Judge Mike Rubino is allergic to mogs.
"Helmet! So, at last we meet for the first time for the last time."—Lone Starr
I watched Spaceballs on VHS more than all of the Star Wars films combined. It not only got a head start on defining science fiction for my young movie-watching mind, but it also stood as my Rosetta Stone for comedy. Now, after 25 years and numerous releases, Spaceballs is still as hilarious, and more relevant, than ever…which doesn't reflect all that well on Hollywood, which is still churning out Star Wars, Alien, and Planet of the Apes franchises. For Mel Brooks, Spaceballs was more than just a stab at science fiction parody; it's one of the most financially successful movies of his career, as well as a perfect bookend to a string of brilliant comedies.
The story of Lone Starr (Bill Pullman) and Barf (John Candy) traversing the universe to save Princess Vespa (Daphne Zuniga) from the evil Dark Helmet (Rick Moranis) is as funny and smart as ever. Brooks, along with co-writers Thomas Meehan and Ronny Graham, not only packed the film with as many gags and laughs as Airplane!, they also infused it with heart. That's the secret that most modern parody films miss: the audience still has to care about the stories and the characters…even if your movie prominently features a man covered in pizza.
Spaceballs gets just about everything right, from the Industrial Light and Magic-created special effects to the fourth-wall-breaking sight gags (that whole home video, "now is now" sequence is brilliant). Even if you don't get the references, or appreciate the fact that John Hurt reprises his role from Alien, the film still has enough jokes for everyone. It may not be his best movie, but I would argue that it's his last great one.
Brooks's movie did far better on home video than in theaters; naturally, in the past 12 years there have been at least four editions of this film on DVD, Blu-ray, and in various box sets. Like the Spaceballs memorabilia hocked by Yogurt, MGM knows how to milk this product for all its worth. That said, if for some reason you've held out until now, I can report that Spaceballs: The 25th Anniversary Edition is the one to get.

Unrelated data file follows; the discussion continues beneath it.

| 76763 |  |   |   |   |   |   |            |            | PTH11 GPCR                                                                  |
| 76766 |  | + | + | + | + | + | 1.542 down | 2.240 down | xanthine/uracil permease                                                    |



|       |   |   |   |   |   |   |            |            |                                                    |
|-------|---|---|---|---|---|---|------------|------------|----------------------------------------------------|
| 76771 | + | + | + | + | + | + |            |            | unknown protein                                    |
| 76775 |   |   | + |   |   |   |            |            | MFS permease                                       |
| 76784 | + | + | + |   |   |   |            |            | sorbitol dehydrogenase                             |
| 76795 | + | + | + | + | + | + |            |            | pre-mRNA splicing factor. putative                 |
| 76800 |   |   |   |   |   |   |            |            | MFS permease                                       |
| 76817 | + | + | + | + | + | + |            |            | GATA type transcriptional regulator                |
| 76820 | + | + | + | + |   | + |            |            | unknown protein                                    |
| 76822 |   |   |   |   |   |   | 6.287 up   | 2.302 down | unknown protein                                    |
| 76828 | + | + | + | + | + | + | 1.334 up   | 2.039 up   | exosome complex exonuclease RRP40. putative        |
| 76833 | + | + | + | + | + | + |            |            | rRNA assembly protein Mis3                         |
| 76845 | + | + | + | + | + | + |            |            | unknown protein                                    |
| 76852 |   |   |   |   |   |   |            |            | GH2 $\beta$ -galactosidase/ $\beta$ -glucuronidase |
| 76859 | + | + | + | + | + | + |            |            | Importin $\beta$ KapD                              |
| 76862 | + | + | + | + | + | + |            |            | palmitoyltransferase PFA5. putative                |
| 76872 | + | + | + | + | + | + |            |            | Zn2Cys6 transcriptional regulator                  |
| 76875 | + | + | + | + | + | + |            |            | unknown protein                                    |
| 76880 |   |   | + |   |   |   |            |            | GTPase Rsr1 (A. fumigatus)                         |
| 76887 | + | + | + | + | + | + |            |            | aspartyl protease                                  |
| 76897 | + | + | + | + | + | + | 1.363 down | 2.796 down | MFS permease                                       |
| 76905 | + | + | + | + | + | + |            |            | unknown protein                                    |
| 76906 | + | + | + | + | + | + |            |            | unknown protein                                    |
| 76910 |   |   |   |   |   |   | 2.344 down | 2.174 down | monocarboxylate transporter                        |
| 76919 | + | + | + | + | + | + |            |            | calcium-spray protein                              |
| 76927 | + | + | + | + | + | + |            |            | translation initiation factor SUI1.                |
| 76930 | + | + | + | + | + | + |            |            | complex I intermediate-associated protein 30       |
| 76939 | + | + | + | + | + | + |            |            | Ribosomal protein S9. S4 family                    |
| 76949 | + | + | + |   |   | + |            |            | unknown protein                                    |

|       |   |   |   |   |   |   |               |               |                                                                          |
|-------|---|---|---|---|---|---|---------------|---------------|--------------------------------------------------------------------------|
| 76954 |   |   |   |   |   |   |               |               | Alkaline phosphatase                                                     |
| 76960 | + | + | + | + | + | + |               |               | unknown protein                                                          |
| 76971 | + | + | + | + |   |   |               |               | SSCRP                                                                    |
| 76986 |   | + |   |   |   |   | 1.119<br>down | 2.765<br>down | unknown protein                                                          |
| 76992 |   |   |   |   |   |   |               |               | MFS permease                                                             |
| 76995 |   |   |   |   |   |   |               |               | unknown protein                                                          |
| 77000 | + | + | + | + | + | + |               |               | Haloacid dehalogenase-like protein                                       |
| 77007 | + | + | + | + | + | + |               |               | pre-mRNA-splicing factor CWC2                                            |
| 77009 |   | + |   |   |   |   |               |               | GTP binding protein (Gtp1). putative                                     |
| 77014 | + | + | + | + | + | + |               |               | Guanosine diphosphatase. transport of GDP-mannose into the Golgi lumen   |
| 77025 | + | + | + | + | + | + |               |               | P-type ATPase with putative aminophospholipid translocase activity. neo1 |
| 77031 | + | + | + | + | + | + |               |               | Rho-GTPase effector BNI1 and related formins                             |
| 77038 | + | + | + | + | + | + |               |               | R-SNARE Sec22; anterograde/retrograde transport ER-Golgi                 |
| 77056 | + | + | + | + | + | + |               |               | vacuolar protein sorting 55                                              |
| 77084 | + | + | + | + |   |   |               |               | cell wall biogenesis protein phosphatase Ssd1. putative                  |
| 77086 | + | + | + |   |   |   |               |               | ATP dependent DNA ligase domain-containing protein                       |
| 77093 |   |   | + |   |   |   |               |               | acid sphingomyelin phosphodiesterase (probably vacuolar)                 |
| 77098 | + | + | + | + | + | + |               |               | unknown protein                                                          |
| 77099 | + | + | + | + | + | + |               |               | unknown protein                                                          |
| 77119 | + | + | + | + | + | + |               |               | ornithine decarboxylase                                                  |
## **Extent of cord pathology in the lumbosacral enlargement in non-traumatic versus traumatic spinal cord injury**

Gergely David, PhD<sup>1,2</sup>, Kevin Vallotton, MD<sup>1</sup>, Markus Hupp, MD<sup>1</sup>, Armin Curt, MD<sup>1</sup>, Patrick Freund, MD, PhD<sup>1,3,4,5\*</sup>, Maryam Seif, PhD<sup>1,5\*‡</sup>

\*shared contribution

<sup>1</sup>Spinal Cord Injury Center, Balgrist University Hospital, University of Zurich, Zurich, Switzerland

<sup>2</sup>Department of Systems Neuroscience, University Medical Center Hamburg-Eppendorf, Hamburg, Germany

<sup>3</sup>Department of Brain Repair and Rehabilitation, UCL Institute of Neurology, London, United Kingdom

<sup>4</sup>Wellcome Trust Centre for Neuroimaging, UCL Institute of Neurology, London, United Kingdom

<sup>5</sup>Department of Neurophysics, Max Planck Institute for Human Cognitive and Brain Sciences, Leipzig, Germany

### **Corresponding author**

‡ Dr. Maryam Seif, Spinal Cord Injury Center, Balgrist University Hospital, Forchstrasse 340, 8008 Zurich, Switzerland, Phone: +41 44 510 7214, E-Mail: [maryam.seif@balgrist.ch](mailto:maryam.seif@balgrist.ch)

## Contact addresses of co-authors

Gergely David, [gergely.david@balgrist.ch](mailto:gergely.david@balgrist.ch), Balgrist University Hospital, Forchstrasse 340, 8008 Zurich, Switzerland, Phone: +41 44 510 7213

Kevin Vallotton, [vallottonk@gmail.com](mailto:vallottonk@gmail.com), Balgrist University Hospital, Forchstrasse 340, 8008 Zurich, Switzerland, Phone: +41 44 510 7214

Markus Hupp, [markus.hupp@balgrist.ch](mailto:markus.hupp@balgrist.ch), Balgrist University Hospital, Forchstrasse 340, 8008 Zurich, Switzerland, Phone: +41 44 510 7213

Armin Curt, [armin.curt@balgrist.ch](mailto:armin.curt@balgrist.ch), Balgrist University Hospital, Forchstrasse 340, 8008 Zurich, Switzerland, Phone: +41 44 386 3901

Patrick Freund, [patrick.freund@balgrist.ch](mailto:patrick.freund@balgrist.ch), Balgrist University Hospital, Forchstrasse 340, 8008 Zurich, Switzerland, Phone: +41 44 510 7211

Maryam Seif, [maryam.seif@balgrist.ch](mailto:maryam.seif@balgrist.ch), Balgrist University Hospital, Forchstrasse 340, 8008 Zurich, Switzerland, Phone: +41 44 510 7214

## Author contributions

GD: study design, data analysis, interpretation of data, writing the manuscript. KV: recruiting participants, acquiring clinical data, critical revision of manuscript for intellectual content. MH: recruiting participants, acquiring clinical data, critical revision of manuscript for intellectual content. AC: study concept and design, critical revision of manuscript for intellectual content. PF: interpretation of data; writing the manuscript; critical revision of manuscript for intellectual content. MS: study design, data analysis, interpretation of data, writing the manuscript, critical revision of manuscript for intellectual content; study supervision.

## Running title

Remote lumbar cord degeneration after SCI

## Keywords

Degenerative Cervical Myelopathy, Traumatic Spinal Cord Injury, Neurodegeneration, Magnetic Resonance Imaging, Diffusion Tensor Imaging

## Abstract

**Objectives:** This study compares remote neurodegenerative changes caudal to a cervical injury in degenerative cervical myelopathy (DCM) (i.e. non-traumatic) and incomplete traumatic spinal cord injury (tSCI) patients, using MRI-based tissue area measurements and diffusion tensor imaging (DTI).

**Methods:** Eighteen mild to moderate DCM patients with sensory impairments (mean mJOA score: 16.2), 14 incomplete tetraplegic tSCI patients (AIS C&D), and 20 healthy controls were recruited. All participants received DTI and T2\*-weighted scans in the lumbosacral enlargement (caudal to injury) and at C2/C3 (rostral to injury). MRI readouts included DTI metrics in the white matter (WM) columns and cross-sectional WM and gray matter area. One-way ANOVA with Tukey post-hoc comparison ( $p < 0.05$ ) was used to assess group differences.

Most importantly, the sound and picture quality of this new edition is wonderful. For a film made in 1987, Spaceballs has a clean, clear picture that holds up beautifully in 1080p. There's very little film grain and the majority of the special effects and green screen work hold up better than most HD films from the 80s. The 5.1 Master Audio track is also very well balanced. The sound effects are loud and crisp, and the dialogue is clear and focused on the front channels. While I can't speak to how this compares to the original Blu-ray, I will say that the technical side of this disc is worth the upgrade alone.
The 25th Anniversary Edition includes all of the special features from the two-disc DVD collector's edition, as well a few new supplements. There's a new featurette called Force Yourself! Spaceballs and the Skroobing of Sci-Fi, which features an interview with Mel Brooks as he talks more about the creation of the film and its influence on science fiction. As far as I can tell, that's the only new featurette on the disc.
Mel Brooks fans should be used to Spaceballs showing up on home video every couple of years—it's certainly getting more releases than The Twelve Chairs. But if you don't own this film in any of its iterations, or only own it in standard definition, this is the release to have. The A/V is excellent, and the special features from just about every release are all collected in one place. May the schwartz be with you.
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